Back in May, we blogged here about this great post by em at hermanifesta suggesting that blogging is a new feminist legal method. The mainstream press has noticed young women’s embrace of the internet. The October 13, 2007 edition of Newsweek features “From Barricades to Blogs,” an article about feminist activism:
In 1978, 100,000 women marched on Washington demanding equal rights. * * * Will anyone fill their shoes? Young feminists point to the blogosphere. But some older feminists say a blog is not the same thing as a unified social movement. * * *
Older feminists worry that ERA-era feminism’s declaration that “the personal is political” has been lost on the latest generation, who don’t realize that their personal struggles should be addressed collectively. “If you don’t have the idea that you can make a claim on society, then you’re on your own. And that’s what happened,” says Katha Pollitt, feminist author, whose latest book is “Learning to Drive.” “Take this mommy-war thing. If we all had access to day care, would we be having a different kind of conversation?”
The space for that conversation may be the Internet, on sites like Feministing, Feministe, Pandagon and Echidne of the Snakes. Valenti of Feministing.com says feminist blogs drove the million-plus turnout at the 2004 March for Women’s Lives in Washington, D.C., and helped secure the opening earlier this month of a controversial Planned Parenthood clinic in Aurora, Ill. But even if blogging can translate into real-world activism, will it be enough to hold a movement together? That’s a question this generation of feminists will have to answer themselves.
In my view, the Newsweek article (available in full here) exacerbates and perpetuates a false belief that “older” or “second-wave” (or choose your own adjective) feminists don’t understand “younger” or “third-wave” (or choose your own adjective) feminists and vice versa. In fact, there are feminists of all ages and experiences levels “doing” feminism in old and new ways. I don’t think any feminist of any age thinks that blogging alone can “hold a movement together.” Blogging is one way that young women in particular are influencing contemporary politics and society. The Newsweek article misses the mark. It mistakes a conversation about methodology for one about substance.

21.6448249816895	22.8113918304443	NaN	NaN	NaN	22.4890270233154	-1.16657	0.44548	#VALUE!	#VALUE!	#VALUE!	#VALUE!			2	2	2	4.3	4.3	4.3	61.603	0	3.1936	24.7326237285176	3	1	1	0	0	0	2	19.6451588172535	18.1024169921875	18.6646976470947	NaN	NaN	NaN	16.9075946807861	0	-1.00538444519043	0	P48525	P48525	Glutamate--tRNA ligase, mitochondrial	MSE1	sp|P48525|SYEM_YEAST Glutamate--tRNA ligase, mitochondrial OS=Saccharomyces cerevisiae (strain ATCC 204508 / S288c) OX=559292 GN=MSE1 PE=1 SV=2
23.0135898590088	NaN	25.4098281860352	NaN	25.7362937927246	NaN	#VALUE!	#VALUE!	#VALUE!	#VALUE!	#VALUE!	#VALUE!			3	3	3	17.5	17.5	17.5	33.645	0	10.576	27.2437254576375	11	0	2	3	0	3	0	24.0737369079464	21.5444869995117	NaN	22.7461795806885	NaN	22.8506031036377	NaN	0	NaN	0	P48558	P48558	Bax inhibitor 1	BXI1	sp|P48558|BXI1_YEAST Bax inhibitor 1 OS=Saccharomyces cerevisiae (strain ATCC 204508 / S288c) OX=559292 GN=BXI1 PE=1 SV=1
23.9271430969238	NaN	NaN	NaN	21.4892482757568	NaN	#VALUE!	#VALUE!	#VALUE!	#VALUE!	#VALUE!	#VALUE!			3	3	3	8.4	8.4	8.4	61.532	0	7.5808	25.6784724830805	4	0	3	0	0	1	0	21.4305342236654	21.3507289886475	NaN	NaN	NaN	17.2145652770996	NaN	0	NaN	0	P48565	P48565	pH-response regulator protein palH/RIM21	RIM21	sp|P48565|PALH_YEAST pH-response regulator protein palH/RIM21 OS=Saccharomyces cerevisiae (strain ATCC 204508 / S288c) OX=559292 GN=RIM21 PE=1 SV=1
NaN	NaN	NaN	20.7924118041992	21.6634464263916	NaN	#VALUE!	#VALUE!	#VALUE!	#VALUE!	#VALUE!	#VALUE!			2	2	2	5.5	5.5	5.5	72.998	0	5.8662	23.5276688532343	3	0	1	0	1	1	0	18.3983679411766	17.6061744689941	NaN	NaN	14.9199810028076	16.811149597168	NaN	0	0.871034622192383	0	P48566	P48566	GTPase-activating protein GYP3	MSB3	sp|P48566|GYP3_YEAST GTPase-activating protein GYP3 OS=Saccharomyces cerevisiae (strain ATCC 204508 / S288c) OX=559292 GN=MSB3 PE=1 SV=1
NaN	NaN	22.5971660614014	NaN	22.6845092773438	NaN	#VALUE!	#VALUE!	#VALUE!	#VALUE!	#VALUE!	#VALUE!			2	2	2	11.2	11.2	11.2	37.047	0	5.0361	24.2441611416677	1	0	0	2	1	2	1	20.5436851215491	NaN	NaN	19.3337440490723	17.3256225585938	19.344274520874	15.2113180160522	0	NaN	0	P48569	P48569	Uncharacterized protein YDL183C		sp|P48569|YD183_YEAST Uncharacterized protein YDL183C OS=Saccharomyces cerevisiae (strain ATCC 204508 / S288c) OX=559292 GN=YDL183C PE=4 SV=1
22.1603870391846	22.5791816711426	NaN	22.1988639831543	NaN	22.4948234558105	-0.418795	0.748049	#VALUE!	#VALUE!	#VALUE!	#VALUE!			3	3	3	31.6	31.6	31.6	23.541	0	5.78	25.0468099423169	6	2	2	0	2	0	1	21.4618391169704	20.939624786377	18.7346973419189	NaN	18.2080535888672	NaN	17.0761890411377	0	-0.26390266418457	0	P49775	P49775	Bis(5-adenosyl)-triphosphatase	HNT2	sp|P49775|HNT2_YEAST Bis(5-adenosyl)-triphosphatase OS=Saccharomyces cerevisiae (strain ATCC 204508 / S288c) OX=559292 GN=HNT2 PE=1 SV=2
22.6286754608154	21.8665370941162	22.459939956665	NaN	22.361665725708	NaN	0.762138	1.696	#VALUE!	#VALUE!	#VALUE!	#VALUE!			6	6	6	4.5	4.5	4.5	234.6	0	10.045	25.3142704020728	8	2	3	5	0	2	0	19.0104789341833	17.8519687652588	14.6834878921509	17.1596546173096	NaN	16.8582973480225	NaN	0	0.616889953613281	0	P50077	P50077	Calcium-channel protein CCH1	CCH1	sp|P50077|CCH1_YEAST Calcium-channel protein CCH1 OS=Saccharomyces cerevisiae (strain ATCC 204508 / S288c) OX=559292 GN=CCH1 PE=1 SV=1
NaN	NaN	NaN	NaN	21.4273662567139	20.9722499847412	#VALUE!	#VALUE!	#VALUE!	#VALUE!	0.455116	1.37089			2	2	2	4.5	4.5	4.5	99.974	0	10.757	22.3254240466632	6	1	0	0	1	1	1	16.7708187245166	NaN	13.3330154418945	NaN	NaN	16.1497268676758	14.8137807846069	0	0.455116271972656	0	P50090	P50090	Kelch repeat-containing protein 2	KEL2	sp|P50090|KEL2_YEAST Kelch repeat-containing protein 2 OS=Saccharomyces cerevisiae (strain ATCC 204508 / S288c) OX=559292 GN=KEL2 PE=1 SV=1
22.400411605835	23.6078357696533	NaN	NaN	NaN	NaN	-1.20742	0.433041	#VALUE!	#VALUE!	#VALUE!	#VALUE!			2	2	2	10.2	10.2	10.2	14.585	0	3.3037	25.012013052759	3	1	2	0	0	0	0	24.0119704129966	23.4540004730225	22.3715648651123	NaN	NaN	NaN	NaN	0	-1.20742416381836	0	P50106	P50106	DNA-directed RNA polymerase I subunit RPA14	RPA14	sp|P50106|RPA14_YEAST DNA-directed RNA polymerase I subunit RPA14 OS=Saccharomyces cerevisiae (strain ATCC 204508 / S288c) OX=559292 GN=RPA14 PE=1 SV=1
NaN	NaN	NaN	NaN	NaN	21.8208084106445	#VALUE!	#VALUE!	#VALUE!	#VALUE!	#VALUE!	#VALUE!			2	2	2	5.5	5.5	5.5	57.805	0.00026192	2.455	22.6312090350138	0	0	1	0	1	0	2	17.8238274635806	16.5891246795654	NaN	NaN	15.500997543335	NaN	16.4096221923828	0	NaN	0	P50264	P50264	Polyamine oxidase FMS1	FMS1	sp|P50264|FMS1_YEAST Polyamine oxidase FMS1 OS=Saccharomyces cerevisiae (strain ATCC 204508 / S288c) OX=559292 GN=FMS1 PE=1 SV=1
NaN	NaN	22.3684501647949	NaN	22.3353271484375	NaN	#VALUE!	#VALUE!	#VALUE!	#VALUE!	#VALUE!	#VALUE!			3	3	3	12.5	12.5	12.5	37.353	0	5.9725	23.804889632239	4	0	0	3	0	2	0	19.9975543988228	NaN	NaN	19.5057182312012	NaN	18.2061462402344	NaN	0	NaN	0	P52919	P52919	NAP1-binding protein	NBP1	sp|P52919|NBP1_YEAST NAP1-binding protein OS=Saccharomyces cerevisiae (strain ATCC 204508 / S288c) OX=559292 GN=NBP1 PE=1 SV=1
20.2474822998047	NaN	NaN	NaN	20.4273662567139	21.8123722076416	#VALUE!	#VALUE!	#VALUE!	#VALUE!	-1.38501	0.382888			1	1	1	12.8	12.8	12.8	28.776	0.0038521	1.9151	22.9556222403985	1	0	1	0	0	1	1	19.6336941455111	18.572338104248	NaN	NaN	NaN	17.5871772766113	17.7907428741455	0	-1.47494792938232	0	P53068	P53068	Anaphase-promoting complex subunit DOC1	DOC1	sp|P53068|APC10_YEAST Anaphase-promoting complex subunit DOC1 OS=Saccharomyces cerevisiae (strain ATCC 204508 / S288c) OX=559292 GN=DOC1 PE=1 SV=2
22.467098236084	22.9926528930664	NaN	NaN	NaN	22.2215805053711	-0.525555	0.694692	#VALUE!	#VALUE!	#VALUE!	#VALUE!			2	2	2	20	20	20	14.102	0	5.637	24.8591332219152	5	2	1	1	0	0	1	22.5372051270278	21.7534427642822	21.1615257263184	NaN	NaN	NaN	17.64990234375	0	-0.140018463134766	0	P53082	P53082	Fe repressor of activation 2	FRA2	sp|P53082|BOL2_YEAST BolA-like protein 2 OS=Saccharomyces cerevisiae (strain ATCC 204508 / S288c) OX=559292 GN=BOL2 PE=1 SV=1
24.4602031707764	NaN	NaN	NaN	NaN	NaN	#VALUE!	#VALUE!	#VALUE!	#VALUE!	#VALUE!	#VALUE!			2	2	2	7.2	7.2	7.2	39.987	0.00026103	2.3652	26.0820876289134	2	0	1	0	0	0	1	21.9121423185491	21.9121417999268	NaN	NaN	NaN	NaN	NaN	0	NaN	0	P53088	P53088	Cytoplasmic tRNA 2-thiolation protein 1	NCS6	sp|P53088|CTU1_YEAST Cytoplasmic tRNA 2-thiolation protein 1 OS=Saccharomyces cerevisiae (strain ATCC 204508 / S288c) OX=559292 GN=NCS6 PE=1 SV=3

The substantive question that has not been addressed adequately, in my view, is why some women and men seemingly have abandoned the law as a way of effecting change? For culturally-saavy feminists, the traditional protest march on the Capitol Hill seems tired and old. But young feminists’ failure to link arms and sing protest songs does not mean that they are complacent. It means that they are targeting something other than the law (or targeting the law only indirectly) and doing so with methods from the twenty-first century, not the civil-rights era.
I have previously hypothesized that there are four explanations for the absence of explicit consideration of the law in writings by women who came of age in the 1980′s and after. One is that young feminists take a pre-legal approach to the law. That is, so-called “third-wave” feminists simply have not thought enough about the law in order to articulate its function in achieving their goals. Another is that these feminists take a limited-means view of the law, i.e., that the legal system has inherent limitations in what it can accomplish for women. A third possibility is that young feminists adopt a limited-ends view of the law, i.e., that the accomplishments of second-wave feminists (largely achieved through the legal system) have failed to translate into enough change (or enough of the right kind of change) in women’s lives. Finally, young feminists may take an extra-legal view of change, seeking to abandon the law entirely, and instead to transform society through culture.
My sense is that the latter three explanations hold more promise than the first, and that they are not mutually exclusive. One may percieve the law as limited by a particular approach to equality jurisprudence and feel dissatisfied by the qualitative impact that such jurisprudence has had on women’s day-to-day lives. After all, equal rights for men and women in the workforce have not translated into equal responsibilities for men and women in the home. For the socially-conscious person who may be disillusioned or dissatisfied with the law, cultural change seems much easier to bring about and measure. Through site-counters and comments posted to blogs, we know that others are (at least occasionally) reading what we write and are writing back. That sure beats a return form-letter from a Senator any day.